LONDON -- It's strange the way sectors go in cycles. There's an element of cyclical business in many sectors, but investors know that. So, surely, if all investors had eyes for the long term, they'd factor in the cycles and share prices would not fly upward in the short term during the inevitable up spells and crash back during the equally inevitable down spells.
But as we know, most institutional investors only have year-end results in mind, and that leads to cycles in the share prices, too -- and long-term Fools can benefit from that.
In fact, Motley Fool analysts have been poring over the various sectors of the FTSE to identify the most undervalued prospects right now, and have come up with their "Top Sectors Of 2012" report -- it's free for a limited time, delivered to your email inbox.
Commodities are unwanted
Today, I'm taking a look at one of those sectors myself, as anything connected with commodities and mining seems to be badly out of favor right now. And that sentiment has pushed our big FTSE 100 miners down to bargain prices.
Just take a look at this table of the big five, showing two-year highest and lowest closing prices, with today's price, and forward price-to-earnings (P/E) ratios based on current consensus forecasts.
Market Cap (in pounds)
Anglo American (ISE: AAL.L)
Antofagasta (ISE: ANTO.L)
BHP Billiton (ISE: BLT.L)
Rio Tinto (ISE: RIO.L)
Xstrata (ISE: XTA.L)
BHP Billiton year ends June, others end December. p = pence.
Why so cheap?
Most of those low points were in October 2011, but the sector has been getting very close again recently. The underlying worry is the state of the world economy, in particularly the Chinese slowdown. It's also currently exacerbated by the forthcoming interim reporting season, which most commentators are very uncertain about -- and if there's one thing the market hates, it's uncertainty. But I think the pessimism is badly misplaced.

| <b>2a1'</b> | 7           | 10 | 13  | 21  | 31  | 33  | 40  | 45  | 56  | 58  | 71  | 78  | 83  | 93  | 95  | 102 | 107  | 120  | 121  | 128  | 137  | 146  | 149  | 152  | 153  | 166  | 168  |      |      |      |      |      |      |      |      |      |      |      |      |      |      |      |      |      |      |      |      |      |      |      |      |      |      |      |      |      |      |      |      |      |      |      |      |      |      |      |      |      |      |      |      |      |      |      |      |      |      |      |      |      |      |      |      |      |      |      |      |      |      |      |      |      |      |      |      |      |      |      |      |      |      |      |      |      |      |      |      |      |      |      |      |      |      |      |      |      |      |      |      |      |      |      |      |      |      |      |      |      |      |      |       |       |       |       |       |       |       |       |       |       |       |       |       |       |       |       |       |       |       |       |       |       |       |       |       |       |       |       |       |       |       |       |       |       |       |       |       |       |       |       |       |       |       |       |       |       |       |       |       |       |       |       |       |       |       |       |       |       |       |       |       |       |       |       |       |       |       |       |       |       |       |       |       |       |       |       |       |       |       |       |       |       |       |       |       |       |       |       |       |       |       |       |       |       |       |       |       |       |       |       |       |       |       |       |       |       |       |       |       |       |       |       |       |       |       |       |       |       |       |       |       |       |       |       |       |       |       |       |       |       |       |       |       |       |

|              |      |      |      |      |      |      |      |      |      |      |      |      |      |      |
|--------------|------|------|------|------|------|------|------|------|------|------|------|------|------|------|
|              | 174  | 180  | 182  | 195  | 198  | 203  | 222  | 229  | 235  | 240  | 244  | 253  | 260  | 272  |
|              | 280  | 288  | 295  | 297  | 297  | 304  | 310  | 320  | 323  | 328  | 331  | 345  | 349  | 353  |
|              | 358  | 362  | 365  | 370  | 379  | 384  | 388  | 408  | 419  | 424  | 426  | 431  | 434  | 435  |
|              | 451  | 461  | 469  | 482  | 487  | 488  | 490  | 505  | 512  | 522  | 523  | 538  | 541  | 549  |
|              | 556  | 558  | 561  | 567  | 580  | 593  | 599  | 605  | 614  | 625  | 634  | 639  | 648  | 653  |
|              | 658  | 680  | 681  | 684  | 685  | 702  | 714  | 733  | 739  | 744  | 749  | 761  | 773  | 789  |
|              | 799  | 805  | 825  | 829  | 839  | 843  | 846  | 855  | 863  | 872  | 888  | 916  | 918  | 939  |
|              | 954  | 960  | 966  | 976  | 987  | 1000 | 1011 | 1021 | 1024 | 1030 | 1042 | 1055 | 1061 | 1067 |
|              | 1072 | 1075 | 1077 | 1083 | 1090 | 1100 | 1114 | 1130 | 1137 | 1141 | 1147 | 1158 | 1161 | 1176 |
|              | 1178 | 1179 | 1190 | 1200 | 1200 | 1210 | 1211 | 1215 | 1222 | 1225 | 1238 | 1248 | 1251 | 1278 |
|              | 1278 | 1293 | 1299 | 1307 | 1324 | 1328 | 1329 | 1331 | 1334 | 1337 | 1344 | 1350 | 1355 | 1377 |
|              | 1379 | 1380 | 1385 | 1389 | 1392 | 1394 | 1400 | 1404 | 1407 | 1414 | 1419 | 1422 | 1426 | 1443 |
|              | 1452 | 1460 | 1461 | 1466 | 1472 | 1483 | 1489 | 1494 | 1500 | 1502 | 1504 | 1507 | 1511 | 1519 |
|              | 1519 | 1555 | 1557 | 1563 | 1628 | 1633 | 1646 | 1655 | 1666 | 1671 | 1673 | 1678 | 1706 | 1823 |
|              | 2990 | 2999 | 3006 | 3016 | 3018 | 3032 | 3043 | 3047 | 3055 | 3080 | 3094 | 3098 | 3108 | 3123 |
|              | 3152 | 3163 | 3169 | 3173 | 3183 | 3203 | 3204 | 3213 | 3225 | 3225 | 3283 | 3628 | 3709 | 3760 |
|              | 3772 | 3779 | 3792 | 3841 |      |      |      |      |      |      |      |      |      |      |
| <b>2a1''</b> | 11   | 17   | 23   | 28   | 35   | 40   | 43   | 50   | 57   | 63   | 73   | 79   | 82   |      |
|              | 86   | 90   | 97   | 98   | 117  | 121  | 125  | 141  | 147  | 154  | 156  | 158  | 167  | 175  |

But the metals and minerals produced by these miners underpin the entire global economy, and if the valuations in the table were genuinely indicative of the long-term value of world business, then we'd truly have an unholy economic mess to look forward to. Which, of course, we don't, right?
Is Rio Tinto -- one of the world's largest producers of iron ore, aluminum and copper -- correctly valued on a price of just 7 times prospective earnings? That's half of the long-term valuation of the FTSE 100, which tends to average around 14.
Or how about Xstrata, one of the globe's biggest suppliers of copper, but also mining large quantities of coal, zinc, lead, and nickel? Is that really only worth 7 times earnings? I certainly don't think so.
It's the same with the others. BHP Billiton produces another serious portion of the world's iron ore supply, plus other base metals, coal, and petroleum. Anglo American is another iron producer, also supplying manganese, copper, platinum, and yet more coal. Then the smallest of them all, Antofagasta, mainly digs up copper.
Even if we made a conservative estimate of a fair long-term P/E valuation of only 10, to allow for cyclical business risk, that would still suggest a target price of around 42 pounds for Rio Tinto, which is 40% up on today's price -- and the implied percentage rise in the others would be similar.
An alternative way to invest?
But what if you don't want to buy miners directly, but still want to invest in a commodities recovery?
You could try something like Anglo Pacific Group. It's in the mining sector, but doesn't actually do any digging and delving. Instead, it owns a number of mines, extracting coal and various metals, and takes royalties from them. At 280 million pounds, it has a lower market cap than the big miners we've looked at, and it's on a prospective P/E of approximately 18.
Another alternative might be to go for exchange-traded funds that specialize in commodities. If that floats your boat, the ETF Securities website has information about funds based on gold, oil, metals, and all sorts of commodities.
But whichever way you do it, I reckon there's gold in them there mines!
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At the time thisarticle was published Alan does not own any shares mentioned in this article. The Motley Fool has adisclosure policy.
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